Oftentimes, when you get a bunch of rock stars from different genres and generations together, gelling or fostering chemistry becomes difficult. Not so with Mick Jagger and his pals in SuperHeavy.

Matchups like this, pairing the Stones frontman with the Eurythmics' Dave Stewart and soul singer Joss Stone among others, that seem like good ideas on paper often fail in execution. Writing sessions can devolve and turn into aimless jam sessions.  Jagger says SuperHeavy stayed focused on songs. They were also interested in checking things like ego at the door, thank you very much.

"We were looking to do a record that didn't sound like anything we'd heard before, and we thought we'd do this musical mixture of people that would harmonize together yet bring things from musical places that we knew about and might have even dabbled in, people that specialize in different things and would bring different voices," Jagger told Spinner.

He continued, "So, [it was] people coming from different musical places but able to subsume their egos for a while and throw everything into the mix and hope something's gonna come out. We didn't know what was going to happen. We didn't know if we would get songs. We wanted to make songs; we weren't interested in jams."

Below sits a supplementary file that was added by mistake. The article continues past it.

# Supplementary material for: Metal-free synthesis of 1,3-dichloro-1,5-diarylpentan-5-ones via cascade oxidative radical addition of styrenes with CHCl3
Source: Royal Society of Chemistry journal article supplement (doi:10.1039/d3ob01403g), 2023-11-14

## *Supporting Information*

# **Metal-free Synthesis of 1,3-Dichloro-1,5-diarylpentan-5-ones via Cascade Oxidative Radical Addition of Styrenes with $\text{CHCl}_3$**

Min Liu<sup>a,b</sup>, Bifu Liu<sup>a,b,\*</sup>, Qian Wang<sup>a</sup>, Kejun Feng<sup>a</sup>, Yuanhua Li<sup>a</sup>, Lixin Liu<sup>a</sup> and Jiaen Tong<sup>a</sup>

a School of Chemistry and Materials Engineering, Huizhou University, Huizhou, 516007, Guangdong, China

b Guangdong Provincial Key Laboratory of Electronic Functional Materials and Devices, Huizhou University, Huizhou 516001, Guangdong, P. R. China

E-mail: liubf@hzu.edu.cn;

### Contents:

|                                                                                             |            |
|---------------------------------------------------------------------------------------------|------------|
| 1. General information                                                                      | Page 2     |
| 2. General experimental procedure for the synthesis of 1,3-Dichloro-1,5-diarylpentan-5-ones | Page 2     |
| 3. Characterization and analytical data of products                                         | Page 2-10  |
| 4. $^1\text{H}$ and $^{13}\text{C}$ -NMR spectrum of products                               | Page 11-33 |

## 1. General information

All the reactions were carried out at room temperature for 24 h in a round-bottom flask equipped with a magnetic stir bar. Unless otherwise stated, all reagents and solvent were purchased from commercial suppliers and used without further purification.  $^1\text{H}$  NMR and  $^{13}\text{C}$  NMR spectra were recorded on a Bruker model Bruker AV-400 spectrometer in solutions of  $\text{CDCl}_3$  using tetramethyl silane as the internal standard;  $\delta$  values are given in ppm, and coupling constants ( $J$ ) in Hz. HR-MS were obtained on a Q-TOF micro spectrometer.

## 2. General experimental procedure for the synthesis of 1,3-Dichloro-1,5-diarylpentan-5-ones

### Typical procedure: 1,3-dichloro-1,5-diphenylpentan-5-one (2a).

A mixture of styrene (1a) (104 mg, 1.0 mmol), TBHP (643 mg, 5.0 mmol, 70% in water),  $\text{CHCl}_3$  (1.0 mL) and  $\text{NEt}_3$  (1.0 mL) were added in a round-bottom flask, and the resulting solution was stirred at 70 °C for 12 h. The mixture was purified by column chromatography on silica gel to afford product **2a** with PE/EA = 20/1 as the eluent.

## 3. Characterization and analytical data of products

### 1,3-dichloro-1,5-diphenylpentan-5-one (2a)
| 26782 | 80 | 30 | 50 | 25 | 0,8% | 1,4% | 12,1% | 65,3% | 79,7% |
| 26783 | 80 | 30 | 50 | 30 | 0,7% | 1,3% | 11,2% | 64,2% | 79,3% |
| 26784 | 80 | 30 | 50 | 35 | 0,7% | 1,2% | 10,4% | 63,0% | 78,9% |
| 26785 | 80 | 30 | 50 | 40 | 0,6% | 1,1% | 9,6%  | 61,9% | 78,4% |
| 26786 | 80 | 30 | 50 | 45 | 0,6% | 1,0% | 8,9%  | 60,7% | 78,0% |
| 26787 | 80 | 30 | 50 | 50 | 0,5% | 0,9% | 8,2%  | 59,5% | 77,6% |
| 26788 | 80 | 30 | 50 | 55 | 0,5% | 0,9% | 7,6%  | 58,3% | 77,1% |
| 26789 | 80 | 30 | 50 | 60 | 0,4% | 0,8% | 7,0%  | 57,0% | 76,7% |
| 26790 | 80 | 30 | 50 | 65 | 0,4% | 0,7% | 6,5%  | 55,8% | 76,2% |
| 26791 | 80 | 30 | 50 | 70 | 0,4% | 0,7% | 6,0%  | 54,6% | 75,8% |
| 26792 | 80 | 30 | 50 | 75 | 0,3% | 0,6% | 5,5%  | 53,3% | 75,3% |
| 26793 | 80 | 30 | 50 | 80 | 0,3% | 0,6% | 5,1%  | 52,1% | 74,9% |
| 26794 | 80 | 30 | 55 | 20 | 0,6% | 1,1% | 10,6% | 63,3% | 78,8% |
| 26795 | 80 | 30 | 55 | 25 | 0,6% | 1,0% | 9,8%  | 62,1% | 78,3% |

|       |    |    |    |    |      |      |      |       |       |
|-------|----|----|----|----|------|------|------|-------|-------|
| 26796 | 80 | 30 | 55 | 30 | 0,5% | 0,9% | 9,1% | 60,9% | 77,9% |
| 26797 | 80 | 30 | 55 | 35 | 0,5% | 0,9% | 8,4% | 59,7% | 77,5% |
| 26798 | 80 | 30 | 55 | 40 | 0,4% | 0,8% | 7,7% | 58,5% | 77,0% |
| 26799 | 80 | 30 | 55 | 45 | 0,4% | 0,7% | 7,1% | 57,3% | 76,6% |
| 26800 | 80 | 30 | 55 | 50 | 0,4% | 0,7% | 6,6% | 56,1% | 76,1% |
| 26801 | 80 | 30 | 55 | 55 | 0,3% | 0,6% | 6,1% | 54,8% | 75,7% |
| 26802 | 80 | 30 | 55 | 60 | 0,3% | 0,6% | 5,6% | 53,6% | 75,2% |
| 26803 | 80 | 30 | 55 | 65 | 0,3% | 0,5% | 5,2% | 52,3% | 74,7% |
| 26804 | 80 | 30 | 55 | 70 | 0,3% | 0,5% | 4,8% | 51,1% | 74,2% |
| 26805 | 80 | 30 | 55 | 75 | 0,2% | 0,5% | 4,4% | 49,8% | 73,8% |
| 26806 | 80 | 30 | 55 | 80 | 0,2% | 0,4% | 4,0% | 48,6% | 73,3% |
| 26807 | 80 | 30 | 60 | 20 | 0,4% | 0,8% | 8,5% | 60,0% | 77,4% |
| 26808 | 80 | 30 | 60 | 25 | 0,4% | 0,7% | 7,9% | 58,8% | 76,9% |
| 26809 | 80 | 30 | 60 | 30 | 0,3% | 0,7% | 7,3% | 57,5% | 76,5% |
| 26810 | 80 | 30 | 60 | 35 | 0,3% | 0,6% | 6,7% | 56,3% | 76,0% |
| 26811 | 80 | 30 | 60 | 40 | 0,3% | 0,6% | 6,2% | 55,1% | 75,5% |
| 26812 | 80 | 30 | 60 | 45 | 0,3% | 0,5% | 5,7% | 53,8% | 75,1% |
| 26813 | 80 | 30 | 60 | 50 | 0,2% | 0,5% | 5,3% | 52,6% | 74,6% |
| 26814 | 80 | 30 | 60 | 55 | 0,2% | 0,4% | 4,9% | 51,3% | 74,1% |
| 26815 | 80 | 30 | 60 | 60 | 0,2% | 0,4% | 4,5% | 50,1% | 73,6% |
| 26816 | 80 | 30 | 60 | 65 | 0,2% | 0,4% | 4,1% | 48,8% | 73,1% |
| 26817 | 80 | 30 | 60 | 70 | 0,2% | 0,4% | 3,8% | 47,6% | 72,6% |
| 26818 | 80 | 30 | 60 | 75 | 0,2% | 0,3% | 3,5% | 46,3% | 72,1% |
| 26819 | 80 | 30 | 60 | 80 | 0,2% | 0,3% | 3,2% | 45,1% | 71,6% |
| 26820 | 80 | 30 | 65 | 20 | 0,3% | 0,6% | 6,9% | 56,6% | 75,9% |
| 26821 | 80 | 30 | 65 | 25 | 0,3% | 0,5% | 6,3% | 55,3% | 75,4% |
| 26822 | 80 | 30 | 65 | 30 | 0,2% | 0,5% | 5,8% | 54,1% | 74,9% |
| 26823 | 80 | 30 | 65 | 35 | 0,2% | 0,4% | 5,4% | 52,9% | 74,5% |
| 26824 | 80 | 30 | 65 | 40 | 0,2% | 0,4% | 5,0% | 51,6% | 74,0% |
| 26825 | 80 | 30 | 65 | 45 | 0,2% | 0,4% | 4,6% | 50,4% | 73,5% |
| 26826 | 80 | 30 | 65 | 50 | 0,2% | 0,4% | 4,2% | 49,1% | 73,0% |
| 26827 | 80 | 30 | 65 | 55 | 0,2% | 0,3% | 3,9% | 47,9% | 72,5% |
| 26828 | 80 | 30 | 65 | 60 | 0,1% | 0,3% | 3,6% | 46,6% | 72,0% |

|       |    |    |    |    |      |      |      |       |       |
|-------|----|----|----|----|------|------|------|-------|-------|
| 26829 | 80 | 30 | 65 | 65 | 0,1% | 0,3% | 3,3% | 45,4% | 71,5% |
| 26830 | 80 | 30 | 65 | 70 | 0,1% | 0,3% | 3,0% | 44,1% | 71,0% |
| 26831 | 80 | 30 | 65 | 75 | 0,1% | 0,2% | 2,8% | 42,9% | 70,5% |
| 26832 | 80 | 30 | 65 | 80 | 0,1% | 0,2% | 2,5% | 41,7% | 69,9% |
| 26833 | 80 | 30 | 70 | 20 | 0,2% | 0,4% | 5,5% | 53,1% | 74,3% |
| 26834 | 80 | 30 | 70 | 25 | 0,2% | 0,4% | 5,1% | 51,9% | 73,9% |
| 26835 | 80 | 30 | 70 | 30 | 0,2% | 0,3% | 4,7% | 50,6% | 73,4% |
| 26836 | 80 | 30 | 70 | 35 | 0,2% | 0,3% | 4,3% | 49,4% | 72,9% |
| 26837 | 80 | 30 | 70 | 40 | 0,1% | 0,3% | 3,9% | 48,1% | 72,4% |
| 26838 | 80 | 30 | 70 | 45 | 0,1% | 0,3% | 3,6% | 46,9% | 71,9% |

Since Jagger and his bandmates knew that songcraft was the most crucial element of their coming together, things took a natural course. He admitted that the process was different for SuperHeavy than that of the Stones.

As he explains, "Well, songwriting is songwriting, you know what I mean? You can come at it from all different points of view. With the Stones, we do lots of different ways of songwriting. You've got the sort of 'hope for the best' songwriting, where you turn up and you've got nothing, and you've got like writing everything completely demoed and then laying it on people, so I'm used to writing in very, very different ways."

You can judge for yourself how the band's songwriting went by listening to the first two released SuperHeavy songs, 'Miracle Worker' and 'I Can't Take it No More.'